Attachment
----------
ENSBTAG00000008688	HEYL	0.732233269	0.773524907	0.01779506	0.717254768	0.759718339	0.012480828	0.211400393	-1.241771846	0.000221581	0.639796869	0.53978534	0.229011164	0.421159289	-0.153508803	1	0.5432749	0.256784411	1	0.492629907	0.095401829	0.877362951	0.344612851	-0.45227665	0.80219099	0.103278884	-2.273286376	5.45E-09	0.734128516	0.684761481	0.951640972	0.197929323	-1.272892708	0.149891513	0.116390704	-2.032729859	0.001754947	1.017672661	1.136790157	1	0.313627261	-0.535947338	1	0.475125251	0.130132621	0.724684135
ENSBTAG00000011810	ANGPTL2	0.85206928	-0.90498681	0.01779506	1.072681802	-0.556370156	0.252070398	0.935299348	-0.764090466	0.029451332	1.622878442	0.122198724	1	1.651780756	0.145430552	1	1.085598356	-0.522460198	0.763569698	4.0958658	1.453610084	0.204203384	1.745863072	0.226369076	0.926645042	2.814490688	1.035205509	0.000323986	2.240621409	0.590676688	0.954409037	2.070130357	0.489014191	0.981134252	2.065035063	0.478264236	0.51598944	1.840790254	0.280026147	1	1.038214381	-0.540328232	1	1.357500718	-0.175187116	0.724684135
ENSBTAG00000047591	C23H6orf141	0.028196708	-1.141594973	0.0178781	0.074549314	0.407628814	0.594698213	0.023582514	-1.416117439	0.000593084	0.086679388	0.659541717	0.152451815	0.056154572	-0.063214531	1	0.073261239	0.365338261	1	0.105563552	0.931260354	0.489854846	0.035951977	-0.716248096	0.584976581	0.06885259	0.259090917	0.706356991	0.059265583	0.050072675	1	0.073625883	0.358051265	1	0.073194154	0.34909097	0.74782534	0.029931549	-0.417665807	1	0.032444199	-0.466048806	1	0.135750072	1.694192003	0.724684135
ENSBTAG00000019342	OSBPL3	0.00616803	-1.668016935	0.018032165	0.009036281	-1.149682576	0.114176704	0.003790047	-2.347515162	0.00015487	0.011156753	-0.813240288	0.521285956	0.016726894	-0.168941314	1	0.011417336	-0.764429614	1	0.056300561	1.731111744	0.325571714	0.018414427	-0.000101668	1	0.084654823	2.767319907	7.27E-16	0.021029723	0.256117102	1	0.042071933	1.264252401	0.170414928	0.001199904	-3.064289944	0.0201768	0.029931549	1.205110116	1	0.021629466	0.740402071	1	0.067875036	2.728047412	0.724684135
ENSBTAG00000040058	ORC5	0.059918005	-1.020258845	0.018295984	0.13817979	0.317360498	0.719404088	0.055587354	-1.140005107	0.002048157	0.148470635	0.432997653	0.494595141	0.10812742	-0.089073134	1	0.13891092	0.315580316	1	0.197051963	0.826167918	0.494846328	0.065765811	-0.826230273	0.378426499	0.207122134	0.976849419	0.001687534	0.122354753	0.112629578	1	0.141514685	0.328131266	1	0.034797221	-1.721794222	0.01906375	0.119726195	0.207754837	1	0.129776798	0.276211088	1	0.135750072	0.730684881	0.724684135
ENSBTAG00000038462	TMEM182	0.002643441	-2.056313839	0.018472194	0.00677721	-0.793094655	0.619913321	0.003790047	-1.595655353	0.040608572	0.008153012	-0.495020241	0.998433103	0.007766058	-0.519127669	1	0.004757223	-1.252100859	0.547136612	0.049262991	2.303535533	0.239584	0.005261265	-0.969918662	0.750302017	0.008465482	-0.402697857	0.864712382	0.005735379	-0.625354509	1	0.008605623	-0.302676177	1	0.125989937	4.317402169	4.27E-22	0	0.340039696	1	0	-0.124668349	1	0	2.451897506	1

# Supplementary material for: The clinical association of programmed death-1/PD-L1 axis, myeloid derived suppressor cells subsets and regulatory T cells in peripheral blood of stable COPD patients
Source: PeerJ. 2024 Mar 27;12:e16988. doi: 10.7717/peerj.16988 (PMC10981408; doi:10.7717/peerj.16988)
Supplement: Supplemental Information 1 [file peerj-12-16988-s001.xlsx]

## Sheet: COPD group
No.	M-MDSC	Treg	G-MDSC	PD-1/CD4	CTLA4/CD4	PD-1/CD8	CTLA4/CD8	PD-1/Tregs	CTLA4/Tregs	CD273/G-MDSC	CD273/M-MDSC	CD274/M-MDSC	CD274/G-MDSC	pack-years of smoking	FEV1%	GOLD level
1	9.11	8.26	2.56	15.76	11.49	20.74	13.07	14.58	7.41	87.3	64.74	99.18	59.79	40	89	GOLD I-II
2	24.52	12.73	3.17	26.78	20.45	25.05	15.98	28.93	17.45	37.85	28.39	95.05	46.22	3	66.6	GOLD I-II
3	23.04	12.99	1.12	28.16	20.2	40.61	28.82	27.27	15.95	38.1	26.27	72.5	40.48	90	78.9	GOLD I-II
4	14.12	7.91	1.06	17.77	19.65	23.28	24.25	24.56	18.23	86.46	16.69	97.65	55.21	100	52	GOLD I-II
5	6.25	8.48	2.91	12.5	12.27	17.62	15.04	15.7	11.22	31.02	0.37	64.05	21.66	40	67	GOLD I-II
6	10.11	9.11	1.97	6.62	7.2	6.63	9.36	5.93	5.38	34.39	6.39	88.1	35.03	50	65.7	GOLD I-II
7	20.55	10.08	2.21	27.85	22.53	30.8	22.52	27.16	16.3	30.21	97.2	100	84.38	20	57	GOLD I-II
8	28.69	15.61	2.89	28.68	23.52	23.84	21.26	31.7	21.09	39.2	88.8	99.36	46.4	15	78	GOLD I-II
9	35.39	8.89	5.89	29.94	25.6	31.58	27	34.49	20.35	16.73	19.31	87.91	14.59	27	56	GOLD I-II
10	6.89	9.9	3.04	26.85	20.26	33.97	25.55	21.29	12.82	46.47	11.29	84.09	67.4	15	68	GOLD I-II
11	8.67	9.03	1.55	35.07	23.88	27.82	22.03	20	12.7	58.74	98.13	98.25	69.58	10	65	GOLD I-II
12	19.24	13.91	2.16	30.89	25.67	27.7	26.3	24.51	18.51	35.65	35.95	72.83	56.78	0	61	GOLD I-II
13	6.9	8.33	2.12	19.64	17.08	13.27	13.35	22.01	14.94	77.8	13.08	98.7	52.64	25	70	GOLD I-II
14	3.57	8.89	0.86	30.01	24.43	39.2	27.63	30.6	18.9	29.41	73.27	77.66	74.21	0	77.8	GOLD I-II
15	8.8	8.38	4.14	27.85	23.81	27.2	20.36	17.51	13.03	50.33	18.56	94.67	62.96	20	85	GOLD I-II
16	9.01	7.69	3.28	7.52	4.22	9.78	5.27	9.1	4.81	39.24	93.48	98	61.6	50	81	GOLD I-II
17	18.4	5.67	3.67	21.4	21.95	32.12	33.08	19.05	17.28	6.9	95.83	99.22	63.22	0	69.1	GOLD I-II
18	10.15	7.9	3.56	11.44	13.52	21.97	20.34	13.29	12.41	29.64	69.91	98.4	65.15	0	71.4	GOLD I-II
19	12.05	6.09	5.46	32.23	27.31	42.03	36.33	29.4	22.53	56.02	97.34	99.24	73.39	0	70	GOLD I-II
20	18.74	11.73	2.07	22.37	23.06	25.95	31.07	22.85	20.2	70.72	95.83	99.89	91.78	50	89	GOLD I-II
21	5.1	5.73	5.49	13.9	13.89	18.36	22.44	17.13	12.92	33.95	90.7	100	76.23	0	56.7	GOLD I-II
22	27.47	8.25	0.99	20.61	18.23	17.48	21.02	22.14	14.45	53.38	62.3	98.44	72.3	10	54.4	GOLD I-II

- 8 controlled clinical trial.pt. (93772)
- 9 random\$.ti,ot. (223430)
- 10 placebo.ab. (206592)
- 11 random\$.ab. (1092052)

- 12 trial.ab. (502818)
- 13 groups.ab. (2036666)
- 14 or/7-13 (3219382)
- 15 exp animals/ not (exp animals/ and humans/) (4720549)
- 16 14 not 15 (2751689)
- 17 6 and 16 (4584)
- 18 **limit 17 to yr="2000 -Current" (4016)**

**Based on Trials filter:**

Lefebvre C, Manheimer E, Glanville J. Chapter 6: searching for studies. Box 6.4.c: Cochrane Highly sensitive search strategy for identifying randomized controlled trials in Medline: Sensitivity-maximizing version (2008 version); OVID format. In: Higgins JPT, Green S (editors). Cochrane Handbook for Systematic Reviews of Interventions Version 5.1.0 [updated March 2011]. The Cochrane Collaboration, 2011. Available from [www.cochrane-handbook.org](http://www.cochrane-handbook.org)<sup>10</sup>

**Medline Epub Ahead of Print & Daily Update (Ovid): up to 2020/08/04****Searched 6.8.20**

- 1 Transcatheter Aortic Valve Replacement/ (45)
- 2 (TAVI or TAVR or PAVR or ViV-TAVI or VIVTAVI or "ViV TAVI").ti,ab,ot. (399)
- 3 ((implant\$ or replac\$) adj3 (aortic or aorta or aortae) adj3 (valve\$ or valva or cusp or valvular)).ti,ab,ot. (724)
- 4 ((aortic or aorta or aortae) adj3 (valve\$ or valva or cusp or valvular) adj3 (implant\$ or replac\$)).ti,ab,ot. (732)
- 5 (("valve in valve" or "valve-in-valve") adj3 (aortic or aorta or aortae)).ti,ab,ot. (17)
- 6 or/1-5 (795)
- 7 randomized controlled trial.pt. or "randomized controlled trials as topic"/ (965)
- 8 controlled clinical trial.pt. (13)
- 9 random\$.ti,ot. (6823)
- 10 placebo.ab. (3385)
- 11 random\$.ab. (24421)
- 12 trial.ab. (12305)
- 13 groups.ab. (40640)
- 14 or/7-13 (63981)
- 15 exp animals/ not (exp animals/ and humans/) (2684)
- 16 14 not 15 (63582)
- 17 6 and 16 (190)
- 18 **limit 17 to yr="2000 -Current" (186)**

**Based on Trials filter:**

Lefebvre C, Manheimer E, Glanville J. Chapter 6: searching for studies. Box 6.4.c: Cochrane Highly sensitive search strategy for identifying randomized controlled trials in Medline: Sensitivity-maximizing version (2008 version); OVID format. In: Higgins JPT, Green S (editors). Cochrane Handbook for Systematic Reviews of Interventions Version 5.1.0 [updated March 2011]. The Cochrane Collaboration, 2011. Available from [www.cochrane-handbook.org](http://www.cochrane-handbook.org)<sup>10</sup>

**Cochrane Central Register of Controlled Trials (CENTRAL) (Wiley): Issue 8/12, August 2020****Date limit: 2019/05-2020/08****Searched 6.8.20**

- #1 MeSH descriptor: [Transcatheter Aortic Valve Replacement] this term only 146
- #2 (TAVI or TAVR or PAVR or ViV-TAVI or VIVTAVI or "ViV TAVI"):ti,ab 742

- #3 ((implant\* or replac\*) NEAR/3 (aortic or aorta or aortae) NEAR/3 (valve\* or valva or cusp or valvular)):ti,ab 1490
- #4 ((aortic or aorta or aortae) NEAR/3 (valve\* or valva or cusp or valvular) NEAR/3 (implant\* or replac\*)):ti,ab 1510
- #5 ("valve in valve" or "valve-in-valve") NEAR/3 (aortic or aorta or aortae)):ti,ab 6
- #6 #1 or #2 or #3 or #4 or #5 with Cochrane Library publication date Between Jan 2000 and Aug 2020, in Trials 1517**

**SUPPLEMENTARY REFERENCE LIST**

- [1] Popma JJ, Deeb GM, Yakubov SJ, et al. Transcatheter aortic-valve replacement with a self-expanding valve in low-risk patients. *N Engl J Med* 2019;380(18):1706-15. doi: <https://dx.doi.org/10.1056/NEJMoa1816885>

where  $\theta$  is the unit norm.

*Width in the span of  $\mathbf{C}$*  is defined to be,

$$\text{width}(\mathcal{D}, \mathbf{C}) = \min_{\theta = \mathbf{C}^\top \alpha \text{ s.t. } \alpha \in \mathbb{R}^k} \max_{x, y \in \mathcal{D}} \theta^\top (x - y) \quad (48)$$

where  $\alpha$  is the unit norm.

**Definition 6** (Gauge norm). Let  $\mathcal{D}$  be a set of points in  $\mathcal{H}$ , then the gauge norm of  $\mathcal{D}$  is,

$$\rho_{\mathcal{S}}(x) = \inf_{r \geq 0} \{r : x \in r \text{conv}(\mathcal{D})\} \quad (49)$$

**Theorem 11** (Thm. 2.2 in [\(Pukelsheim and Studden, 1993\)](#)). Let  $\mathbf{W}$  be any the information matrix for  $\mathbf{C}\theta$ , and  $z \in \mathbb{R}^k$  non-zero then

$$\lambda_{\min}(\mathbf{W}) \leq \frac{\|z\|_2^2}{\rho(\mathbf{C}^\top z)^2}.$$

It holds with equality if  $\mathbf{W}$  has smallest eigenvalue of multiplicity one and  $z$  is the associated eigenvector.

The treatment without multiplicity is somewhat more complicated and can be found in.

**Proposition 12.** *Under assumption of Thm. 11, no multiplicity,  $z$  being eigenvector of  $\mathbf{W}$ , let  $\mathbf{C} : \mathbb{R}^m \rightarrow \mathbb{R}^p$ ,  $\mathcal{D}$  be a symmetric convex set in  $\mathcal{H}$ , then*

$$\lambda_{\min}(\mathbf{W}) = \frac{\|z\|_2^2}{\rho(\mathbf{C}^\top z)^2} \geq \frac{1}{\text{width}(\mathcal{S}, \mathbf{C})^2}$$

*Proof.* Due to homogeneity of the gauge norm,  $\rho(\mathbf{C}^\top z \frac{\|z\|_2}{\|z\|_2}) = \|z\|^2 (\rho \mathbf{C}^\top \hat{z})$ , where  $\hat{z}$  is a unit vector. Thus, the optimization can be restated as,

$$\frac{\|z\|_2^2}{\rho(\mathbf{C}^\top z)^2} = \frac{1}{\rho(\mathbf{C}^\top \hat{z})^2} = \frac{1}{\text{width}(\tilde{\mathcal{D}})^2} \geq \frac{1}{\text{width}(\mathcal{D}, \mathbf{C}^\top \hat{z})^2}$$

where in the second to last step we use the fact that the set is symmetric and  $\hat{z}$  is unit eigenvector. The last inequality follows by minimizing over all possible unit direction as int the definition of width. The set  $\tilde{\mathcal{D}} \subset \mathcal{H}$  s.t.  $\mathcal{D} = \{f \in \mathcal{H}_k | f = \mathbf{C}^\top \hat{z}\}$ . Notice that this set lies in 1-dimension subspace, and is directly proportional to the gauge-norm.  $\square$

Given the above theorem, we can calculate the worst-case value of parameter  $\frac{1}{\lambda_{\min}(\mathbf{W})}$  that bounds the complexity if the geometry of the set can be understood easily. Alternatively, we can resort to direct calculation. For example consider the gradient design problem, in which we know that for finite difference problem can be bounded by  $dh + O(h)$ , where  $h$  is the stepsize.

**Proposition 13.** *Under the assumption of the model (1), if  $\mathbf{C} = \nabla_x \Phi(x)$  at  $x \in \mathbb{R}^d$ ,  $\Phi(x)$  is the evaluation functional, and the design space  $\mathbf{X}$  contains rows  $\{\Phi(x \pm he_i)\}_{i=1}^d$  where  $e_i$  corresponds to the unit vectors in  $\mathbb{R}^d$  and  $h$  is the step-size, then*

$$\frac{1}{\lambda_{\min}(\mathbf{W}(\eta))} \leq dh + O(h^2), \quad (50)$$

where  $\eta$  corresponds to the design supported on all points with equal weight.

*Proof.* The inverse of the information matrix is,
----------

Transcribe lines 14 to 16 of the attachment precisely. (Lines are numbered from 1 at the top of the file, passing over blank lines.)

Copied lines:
3	23.04	12.99	1.12	28.16	20.2	40.61	28.82	27.27	15.95	38.1	26.27	72.5	40.48	90	78.9	GOLD I-II
4	14.12	7.91	1.06	17.77	19.65	23.28	24.25	24.56	18.23	86.46	16.69	97.65	55.21	100	52	GOLD I-II
5	6.25	8.48	2.91	12.5	12.27	17.62	15.04	15.7	11.22	31.02	0.37	64.05	21.66	40	67	GOLD I-II